I grew up a sports-crazed kid in Delaware County, where my grandfathers taught me all there was to know about the Phillies and Eagles and my dad talked about watching games at The Palestra in the heyday of the Big Five. It was a heady time to grow up, with every one of our teams in the hunt for the playoffs nearly every year of my childhood.
Some of the greatest sports voices of a generation were on the air then. Bill Campbell, Whitey, Harry Kalas and Merrill Reese's rich voices were the narrators of the great sports moments of my childhood, both broadcast live and mimicked from the backyard.
And the newspapers! I remember days when I had four papers to read, from the urbane Bulletin to the gritty Daily News to the local flavor of the Daily Times. It was the height of the sports columnist in Philadelphia as well, with names like Frank Dolson, Bill Lyon and Bill Conlin adding color to the players I idolized.
But in Delaware County, one guy was a legend above the rest. Greg Greenday was a local boy from St. James who lived in Brookhaven. Seemingly every day, he was filling in the detail from a Big Five game or the NFC East or setting the line for the epic high school football battles of my teenage years.
Greenday took me places I could never go, inside the Villanova locker room or to Amen corner at Augusta. He taught me, by example, that writing was a ticket that could take a kid from Delaware County just about anywhere he wanted to go.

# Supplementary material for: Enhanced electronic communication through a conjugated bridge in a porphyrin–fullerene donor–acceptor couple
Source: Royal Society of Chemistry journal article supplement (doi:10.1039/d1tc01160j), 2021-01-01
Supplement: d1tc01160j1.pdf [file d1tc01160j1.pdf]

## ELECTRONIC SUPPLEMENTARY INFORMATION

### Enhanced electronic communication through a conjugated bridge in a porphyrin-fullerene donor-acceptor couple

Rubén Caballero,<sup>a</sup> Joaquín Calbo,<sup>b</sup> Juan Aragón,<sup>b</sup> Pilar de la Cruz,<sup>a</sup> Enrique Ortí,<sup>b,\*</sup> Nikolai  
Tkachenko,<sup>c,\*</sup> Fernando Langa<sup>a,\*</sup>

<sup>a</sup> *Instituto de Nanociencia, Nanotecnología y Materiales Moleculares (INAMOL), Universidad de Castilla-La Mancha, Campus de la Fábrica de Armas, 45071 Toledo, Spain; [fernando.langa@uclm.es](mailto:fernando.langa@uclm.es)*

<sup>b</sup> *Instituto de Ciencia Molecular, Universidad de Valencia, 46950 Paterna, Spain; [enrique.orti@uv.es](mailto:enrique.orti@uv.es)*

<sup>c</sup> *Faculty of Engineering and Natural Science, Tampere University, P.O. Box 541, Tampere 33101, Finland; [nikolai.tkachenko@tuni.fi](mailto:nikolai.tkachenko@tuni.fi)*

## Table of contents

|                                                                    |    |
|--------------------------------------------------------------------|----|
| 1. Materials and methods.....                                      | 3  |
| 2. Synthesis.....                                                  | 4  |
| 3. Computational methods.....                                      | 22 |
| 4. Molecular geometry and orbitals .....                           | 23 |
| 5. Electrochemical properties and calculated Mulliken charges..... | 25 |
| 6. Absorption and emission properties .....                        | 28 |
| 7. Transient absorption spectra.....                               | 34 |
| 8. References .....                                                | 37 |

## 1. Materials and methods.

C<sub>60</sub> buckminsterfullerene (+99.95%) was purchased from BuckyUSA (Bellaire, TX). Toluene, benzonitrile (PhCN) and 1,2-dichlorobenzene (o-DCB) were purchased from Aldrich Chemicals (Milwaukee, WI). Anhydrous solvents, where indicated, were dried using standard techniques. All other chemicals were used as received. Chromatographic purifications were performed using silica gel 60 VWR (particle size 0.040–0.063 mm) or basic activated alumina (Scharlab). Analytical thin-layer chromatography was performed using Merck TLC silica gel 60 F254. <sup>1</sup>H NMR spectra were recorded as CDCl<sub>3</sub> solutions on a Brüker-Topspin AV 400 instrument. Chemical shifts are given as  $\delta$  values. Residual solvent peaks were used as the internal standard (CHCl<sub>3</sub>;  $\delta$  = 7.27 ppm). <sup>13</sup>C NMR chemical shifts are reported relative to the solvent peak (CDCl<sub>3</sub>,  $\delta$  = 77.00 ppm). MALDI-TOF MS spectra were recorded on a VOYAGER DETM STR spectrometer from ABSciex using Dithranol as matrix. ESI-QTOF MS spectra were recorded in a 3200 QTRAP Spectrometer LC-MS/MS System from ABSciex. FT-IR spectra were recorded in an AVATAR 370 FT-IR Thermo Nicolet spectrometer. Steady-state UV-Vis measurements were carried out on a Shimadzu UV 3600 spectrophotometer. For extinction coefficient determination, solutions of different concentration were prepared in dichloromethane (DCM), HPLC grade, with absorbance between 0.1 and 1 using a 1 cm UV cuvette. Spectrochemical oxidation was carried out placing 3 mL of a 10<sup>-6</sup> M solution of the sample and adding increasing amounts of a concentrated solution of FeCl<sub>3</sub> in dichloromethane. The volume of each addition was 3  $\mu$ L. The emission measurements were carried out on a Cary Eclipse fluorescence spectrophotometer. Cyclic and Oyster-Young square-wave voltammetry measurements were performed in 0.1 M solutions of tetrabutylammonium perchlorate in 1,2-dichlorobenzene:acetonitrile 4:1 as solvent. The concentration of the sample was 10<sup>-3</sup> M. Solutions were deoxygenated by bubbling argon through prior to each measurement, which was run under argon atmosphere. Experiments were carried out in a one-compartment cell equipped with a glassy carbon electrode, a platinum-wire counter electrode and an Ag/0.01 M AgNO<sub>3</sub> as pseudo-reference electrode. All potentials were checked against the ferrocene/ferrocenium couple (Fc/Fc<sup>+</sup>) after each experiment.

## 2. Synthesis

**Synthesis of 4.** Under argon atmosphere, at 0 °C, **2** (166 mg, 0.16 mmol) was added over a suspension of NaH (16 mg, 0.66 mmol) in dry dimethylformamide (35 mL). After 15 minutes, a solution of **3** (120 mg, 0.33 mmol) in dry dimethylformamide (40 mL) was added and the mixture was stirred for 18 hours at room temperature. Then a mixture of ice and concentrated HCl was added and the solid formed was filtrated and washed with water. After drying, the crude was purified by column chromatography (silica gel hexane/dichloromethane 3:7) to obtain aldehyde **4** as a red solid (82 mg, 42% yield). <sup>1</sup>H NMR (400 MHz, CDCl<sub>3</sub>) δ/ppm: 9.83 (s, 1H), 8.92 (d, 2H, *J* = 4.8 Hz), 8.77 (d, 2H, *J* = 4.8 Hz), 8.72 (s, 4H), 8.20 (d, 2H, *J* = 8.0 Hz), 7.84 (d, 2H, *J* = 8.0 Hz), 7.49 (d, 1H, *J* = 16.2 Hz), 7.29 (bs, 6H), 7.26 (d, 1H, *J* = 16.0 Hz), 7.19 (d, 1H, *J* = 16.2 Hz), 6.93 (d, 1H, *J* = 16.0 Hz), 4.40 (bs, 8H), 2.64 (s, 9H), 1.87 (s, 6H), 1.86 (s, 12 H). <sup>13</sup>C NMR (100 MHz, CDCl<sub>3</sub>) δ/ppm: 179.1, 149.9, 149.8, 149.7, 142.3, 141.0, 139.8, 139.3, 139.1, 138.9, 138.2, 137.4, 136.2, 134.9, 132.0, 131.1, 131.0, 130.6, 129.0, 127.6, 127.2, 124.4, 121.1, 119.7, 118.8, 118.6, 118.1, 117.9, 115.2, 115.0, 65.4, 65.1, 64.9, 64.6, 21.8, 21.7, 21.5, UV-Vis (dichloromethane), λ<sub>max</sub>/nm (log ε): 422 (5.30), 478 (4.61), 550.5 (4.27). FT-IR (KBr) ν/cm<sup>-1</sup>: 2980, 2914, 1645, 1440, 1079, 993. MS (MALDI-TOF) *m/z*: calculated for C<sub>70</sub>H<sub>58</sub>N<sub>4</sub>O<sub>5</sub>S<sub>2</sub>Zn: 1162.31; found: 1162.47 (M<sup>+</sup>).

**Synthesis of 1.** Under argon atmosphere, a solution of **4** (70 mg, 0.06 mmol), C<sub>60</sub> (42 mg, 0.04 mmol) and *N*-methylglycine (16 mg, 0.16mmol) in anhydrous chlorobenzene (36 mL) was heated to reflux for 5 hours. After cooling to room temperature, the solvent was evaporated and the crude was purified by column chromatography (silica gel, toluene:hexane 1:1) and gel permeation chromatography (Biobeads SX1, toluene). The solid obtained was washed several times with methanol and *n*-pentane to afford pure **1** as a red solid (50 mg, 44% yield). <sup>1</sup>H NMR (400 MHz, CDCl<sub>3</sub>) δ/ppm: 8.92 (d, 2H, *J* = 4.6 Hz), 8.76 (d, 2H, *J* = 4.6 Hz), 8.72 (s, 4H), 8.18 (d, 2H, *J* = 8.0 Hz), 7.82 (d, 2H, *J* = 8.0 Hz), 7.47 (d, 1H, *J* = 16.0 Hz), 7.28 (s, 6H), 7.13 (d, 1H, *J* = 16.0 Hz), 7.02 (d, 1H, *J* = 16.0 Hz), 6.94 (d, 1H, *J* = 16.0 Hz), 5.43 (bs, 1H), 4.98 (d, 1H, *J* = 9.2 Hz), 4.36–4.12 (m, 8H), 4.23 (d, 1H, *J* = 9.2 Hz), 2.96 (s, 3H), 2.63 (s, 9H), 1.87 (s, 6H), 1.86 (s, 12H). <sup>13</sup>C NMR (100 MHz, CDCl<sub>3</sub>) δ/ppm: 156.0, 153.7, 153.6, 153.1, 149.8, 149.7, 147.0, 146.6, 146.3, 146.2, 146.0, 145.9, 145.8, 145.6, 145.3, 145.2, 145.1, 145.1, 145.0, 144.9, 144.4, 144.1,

Sadly, last weekend Greg Greenday's journey ended after 61 years.
When I was working at Widener and coaching at Cabrini, I got to know Greg as more of a person than a mythic figure. I found that the beautifully written game stories and columns came not just from immense talent, but also from a caring person with a diligent research ethic and vast memory that is so rare in journalism today.
Greg was one of the best questioners I ever saw work. He would pause after an answer, make his notes, think for a moment, carefully considering how to approach the next point. Greg was able to ask gently probing questions after losses that gave readers (and young coaches) insights into the game that would have been missed by most. He also brought great humor to an interview, laughing and joking, comfortable among men being boys.
We were always happy when we saw him at the table for a game. We knew we would get a great story the next day, sure. But we also knew he would have something positive to say, along with a funny inside story for us from somewhere he had been that week. He had a perfect sense of the moment, always able to put you at ease or to let you go when you had nothing more to say.
There were a lot of great things written about Greg Greenday this week. One thing that I think did not come through clearly enough is what a great writer he was. He wrote with elegance and poetry, with a style that let you know he loved every minute of what he was doing. But there was no self importance to the work. He had a reverence for the games and the people he covered and he did every thing possible to let you know that. He could cover the Eagles, sure, who couldn't? But Greg made BOWLING interesting enough for me to read his weekly column in the 80s.
When he left the Daily Times a few years ago, I tried to explain to Greg how important his writing had been to me as a young person. I stammered something about him making me want to be a writer. He brushed it off, saying that it was nothing, he was just having fun doing his job.
I am sure there were dozens of other kids like me, Greg. Thanks for writing sports like no one else did.